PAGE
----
Crypt of the NecroDancer is a fascinating but infamously difficult dungeon crawler, but Cadence of Hyrule applies Nintendo’s famous accessibility to make a more forgiving and engrossing experience. It’s an unlikely fusion bringing together elements of classic Legend of Zelda, RPG dungeon crawling, and the rhythm-music genre, and all the more unmissable for how well it pulls that off.
Way of the Passive Fist
Way of the Passive Fist is a beat ‘em up where the protagonist doesn’t beat anyone up. The structure is familiar: The protagonist trudges from the left side of a level to its right side, stopping only to fight off waves of enemies that appear to challenge them. When they reach the level’s end they fight a boss with a huge hit point pool and a unique moveset. This design once served comic book and cartoon heroes well in arcades but has grown quaint. Way of the Passive Fist builds on this structure but rejects the punches and kicks which typify its inspirations, instead featuring a protagonist who wears down their opponent’s energy with blocks and dodges then defeats them with a single decisive strike.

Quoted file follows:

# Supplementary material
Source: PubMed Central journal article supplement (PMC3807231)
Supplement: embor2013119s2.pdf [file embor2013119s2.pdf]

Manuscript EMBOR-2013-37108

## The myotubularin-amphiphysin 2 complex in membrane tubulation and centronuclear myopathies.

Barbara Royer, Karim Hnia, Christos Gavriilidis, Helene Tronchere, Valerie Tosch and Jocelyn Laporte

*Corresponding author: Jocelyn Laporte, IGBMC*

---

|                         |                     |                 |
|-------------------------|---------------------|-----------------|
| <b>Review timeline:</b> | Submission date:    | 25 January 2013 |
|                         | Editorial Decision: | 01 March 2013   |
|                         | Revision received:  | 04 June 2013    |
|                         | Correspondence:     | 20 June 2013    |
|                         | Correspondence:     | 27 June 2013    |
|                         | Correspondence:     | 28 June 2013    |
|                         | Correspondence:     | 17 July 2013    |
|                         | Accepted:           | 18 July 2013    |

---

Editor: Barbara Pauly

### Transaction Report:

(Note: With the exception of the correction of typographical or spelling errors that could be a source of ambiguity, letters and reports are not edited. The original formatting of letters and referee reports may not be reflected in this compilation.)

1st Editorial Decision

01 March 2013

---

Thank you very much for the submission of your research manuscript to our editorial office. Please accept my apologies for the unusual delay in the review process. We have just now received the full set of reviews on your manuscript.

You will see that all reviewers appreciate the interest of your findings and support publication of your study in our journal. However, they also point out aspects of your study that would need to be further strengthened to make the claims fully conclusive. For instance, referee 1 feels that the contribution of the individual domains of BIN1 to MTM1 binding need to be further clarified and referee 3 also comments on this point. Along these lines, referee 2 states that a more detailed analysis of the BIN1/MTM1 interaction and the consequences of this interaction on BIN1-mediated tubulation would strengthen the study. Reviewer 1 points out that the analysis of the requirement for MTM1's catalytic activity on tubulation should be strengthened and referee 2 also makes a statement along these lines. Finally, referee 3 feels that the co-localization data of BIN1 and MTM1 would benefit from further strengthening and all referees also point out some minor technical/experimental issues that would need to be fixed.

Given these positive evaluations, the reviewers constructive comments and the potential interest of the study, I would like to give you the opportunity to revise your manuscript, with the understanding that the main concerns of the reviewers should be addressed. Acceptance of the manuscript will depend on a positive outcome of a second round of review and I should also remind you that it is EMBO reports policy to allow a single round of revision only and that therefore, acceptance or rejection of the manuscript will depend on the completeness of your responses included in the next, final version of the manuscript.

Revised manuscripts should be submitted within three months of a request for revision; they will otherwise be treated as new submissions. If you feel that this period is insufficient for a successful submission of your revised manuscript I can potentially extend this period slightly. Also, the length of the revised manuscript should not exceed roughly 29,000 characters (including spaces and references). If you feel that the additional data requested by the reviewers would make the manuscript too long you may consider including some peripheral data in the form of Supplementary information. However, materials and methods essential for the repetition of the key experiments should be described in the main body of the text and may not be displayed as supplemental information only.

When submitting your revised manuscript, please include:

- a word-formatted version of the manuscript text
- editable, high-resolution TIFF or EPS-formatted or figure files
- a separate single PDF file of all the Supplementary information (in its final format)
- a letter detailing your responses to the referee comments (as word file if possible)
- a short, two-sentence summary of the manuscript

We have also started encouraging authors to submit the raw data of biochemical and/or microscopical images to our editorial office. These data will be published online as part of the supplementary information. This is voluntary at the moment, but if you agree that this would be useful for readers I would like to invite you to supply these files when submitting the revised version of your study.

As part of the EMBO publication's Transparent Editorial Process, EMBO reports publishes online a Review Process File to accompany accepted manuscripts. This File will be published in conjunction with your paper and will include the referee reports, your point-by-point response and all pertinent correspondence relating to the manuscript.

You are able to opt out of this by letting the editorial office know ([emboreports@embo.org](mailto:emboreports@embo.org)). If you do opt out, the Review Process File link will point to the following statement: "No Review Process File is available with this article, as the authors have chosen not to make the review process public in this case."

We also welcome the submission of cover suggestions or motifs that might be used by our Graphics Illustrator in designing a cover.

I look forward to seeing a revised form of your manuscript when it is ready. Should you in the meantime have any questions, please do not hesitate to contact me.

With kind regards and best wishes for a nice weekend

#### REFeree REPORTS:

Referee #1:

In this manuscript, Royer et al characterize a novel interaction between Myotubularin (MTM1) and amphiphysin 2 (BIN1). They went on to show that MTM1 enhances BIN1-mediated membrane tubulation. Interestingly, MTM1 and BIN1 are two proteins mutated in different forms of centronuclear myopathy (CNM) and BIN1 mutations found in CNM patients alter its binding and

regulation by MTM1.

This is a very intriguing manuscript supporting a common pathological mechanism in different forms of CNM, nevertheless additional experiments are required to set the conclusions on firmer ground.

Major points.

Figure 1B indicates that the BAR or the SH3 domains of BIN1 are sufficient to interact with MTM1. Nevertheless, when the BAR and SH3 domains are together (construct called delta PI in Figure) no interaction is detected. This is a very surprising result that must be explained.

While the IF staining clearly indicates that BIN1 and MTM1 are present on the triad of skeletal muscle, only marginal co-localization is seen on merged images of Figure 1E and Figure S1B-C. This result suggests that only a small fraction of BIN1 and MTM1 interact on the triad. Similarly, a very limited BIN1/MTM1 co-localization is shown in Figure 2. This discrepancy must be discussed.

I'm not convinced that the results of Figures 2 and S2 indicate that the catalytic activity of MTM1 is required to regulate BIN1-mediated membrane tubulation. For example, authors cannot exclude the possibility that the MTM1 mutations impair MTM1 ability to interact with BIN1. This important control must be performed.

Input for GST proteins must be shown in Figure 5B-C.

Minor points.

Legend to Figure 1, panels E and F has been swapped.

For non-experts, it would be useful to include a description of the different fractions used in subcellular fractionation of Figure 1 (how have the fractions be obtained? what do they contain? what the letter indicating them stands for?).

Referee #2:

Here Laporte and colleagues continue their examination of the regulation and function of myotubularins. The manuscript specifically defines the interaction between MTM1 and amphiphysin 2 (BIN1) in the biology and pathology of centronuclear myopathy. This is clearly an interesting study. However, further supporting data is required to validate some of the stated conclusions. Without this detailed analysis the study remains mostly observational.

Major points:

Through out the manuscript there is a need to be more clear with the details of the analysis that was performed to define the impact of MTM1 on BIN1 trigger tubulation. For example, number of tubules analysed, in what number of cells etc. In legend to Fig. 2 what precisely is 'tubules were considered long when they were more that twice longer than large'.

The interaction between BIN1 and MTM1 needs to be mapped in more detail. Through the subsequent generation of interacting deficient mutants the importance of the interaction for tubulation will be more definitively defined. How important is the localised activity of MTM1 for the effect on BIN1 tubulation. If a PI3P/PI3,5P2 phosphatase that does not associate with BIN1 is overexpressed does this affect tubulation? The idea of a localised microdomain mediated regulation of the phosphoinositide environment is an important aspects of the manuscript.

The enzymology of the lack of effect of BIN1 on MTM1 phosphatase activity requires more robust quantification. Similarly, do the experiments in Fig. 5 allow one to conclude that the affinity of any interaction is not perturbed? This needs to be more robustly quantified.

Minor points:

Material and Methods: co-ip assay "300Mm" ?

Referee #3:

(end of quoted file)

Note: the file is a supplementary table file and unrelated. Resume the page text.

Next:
The player character is The Wanderer, a stoic warrior eking out an existence on the desert world Zircon V. They are a master of the Way of the Passive Fist, a fighting style that allows “with patience and a steady hand” to “endure any attack and outlast any foe.” Encountering a bandit camp one day, The Wanderer defeats them but recognizes in the bandit leader’s cyborg augmentations a connection to their own past. Setting out into the desert, The Wanderer challenges an army bare-handed to save their miserable world from an old foe.
The Wanderer’s journey is brief but challenging, punishing button mashing and rewarding concentration and precision. Enemy attacks are telegraphed by audio and visual cues indicating which of The Wanderer’s two defensive moves must be used to deflect them. Individual opponent types stick to rigid patterns but take turns with others onscreen, creating a Zen-like rhythm-combat system. When The Wanderer parries an opponent long enough to deplete their stamina, they can be defeated with a single blow. But the closer The Wanderer gets to their goal, the larger and more diverse enemy groups become…
Mashing up elements of classic beat ‘em up action videogames with wuxia combat and themes in a desertpunk setting, Way of the Passive Fist is simultaneously a challenging throwback and a refreshing new take on side-scrolling punchfests.
Read my full review of Way of the Passive Fist here.
Untitled Goose Game